It seems like what the Catholic church got away with for years and maybe still does, is also going on in Buddhism. But what is new? Abuse occurs in all religions, and it seems like they are immune from everything that goes on unless enough people take it to court.
Across the U.S., temples frustrate investigators by insisting they have no control over monks' actions, whereabouts
a woman who alleges she was sexually assaulted by a monk at a Theravada Buddhist temple in Chicago holds her 11-year-old daughter, who was conceived, according to her mother, during the assaults.
The meeting took place at Wat Dhammaram, a cavernous Theravada Buddhist temple on the southwest edge of Chicago. A tearful 12-year-old told three monks how another monk had turned off the lights during a tutoring session, lifted her shirt and kissed and fondled her breasts while pressing against her, according to a lawsuit.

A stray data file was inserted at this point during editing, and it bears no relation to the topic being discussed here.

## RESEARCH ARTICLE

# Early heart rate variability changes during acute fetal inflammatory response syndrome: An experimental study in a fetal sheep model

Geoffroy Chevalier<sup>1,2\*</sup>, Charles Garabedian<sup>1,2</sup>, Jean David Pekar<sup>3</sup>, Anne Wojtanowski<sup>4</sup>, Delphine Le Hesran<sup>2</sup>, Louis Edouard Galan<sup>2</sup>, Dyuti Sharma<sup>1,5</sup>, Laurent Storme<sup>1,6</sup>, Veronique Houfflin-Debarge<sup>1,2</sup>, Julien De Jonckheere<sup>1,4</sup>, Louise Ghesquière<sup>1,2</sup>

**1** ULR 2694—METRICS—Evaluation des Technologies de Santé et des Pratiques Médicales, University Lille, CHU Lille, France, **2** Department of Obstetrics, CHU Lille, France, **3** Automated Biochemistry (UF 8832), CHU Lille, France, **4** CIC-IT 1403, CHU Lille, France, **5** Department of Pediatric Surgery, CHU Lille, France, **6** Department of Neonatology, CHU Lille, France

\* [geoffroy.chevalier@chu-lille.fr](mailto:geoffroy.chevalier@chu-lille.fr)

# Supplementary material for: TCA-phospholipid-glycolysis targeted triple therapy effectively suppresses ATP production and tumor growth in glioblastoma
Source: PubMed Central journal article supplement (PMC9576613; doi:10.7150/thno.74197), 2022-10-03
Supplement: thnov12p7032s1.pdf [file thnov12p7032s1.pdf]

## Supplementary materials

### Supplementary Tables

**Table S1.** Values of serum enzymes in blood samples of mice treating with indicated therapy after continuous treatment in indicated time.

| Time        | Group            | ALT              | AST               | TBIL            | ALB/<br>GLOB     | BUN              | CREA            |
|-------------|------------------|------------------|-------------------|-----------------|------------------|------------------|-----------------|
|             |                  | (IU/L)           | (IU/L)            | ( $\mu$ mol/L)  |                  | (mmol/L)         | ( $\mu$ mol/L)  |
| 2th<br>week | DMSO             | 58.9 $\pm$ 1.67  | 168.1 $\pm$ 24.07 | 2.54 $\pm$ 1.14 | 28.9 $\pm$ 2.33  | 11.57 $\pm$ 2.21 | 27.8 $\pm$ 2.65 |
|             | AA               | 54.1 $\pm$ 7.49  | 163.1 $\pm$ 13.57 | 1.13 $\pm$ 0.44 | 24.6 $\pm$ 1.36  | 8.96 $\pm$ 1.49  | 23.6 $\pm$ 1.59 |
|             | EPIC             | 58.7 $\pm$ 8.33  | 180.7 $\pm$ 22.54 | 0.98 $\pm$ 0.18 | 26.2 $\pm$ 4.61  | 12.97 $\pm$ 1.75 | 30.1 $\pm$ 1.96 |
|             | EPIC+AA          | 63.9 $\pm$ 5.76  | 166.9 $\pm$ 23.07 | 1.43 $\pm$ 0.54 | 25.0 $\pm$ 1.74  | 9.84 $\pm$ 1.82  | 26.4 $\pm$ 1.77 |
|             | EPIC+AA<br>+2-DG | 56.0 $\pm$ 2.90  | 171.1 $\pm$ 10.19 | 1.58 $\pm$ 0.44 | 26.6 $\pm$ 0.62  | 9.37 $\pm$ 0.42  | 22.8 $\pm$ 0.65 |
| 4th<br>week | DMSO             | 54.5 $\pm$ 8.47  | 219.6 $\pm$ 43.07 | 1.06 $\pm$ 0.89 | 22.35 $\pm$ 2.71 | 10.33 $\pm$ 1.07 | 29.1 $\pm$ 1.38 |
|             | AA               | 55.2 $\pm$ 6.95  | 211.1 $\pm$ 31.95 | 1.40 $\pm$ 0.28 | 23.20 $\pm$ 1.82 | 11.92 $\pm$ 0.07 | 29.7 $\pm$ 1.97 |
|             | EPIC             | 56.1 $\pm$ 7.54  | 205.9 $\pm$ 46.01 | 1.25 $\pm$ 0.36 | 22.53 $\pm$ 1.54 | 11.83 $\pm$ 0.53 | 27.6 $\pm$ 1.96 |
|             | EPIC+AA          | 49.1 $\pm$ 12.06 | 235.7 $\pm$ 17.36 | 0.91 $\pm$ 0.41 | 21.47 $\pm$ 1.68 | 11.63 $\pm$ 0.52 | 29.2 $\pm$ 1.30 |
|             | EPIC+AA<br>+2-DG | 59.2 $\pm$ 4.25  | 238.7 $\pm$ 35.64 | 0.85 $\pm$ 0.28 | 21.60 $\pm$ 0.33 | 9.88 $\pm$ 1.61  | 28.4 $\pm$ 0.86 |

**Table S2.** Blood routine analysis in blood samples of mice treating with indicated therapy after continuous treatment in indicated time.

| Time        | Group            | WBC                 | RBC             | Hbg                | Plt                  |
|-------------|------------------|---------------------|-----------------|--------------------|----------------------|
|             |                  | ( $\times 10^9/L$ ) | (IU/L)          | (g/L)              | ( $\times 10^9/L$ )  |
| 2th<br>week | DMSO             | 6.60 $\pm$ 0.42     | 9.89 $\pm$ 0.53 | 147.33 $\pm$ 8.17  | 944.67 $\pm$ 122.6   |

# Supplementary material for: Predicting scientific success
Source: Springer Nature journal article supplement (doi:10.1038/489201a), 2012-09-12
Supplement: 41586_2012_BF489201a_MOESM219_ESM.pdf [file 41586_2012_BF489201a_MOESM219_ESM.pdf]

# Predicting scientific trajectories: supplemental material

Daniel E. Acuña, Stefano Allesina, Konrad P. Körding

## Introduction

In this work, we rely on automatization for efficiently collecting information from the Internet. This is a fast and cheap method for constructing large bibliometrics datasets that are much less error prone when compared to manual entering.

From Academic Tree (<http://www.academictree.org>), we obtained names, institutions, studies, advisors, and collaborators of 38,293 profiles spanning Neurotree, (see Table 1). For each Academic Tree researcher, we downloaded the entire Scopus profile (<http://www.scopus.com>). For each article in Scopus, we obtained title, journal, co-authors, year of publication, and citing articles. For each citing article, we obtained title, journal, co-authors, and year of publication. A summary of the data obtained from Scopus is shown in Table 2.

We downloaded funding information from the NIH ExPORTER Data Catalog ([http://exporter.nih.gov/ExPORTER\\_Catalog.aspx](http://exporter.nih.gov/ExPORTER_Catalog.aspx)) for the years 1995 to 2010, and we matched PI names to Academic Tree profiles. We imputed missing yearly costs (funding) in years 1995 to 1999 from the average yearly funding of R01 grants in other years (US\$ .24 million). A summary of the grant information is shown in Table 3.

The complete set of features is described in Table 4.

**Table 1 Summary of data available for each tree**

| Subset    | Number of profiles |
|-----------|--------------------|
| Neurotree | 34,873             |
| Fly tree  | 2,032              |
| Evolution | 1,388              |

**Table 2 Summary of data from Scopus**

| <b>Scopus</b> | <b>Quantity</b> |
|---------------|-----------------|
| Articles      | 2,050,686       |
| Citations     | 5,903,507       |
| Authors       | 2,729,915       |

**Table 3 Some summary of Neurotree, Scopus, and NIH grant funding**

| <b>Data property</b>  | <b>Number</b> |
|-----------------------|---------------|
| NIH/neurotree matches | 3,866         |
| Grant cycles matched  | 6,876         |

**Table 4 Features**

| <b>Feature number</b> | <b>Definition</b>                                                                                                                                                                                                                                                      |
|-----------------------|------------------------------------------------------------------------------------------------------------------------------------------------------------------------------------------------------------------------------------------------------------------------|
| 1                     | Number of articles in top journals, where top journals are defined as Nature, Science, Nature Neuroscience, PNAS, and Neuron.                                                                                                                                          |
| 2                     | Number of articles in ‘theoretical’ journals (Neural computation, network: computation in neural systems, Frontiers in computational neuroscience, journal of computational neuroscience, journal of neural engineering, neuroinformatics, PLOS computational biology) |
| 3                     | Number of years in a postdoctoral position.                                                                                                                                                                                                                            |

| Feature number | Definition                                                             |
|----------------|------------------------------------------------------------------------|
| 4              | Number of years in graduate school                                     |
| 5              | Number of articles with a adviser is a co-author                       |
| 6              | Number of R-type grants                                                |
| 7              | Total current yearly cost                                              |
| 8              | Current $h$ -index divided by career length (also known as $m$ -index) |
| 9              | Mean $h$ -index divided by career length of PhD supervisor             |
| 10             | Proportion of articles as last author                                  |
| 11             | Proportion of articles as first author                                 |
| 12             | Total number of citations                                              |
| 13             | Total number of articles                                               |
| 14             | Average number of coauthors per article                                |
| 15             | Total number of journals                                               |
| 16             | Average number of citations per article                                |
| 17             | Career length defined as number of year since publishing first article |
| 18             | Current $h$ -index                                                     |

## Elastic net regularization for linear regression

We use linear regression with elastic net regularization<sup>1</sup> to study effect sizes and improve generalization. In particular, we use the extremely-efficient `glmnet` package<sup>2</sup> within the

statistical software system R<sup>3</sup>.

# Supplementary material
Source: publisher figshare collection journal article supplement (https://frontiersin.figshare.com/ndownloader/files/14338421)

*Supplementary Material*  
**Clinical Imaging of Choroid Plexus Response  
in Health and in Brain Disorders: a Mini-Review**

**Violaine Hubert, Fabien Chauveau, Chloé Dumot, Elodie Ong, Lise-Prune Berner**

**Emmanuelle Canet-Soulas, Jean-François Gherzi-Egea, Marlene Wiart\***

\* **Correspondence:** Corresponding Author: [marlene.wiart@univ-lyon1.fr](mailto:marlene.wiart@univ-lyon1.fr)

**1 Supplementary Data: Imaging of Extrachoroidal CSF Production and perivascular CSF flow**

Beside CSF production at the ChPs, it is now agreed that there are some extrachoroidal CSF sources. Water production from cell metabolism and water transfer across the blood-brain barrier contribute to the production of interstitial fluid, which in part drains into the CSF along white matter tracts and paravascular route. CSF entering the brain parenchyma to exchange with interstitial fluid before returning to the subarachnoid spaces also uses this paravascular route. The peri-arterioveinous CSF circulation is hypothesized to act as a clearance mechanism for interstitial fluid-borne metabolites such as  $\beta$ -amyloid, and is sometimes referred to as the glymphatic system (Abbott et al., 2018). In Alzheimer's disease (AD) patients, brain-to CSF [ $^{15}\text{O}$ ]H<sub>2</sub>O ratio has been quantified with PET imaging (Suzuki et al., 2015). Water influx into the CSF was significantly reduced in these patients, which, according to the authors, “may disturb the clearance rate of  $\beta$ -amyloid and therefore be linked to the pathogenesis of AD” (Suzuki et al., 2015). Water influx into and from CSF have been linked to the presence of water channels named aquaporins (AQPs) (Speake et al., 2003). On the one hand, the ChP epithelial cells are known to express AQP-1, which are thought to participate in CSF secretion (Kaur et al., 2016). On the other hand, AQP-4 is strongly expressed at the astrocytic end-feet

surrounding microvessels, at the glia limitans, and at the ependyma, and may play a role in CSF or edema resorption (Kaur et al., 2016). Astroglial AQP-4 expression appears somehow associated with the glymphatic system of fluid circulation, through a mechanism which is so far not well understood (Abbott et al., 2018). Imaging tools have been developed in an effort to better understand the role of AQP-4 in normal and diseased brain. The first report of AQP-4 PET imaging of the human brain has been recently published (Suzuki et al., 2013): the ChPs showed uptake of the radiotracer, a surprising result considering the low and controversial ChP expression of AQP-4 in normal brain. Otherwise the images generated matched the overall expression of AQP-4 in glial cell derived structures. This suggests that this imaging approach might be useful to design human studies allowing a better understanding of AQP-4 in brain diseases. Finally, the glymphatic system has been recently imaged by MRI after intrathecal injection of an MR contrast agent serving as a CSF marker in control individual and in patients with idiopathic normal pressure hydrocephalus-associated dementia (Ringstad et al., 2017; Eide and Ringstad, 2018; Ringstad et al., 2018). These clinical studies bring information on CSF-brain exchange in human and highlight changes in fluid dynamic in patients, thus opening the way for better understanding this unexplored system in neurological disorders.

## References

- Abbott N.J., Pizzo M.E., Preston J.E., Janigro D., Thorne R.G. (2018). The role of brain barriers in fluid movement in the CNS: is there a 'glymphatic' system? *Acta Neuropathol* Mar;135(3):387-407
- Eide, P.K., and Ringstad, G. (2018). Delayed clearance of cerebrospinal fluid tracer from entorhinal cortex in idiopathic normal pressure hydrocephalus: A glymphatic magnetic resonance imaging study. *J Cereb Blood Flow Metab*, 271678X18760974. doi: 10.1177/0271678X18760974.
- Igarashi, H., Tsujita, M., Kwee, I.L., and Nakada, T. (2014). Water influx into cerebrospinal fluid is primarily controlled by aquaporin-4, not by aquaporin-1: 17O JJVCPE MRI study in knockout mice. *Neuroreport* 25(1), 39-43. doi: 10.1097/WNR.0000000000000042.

Shortly after that meeting, one of the monks sent a letter to the girl's family, saying the temple's monastic community had resolved the matter, the lawsuit says.
The "wrong doer had accepted what he had done," wrote P. Boonshoo Sriburin, and within days would "leave the temple permanently" by flying back to Thailand.
"We have done our best to restore the order," the letter said.
But 11 years later, the monk, Camnong Boa-Ubol, serves at a temple in California, where he says he interacts with children even as he faces a second claim, supported by DNA, that he impregnated a girl in the Chicago area.
Sriburin acknowledges that restoring order did not involve stopping Boa-Ubol from making the move to California. And it did not involve issuing a warning to the temple there. Wat Dhammaram didn't even tell its own board of directors what happened with the monk, he said.
"We have no authority to do anything. … He has his own choice to live anywhere," Sriburin said.
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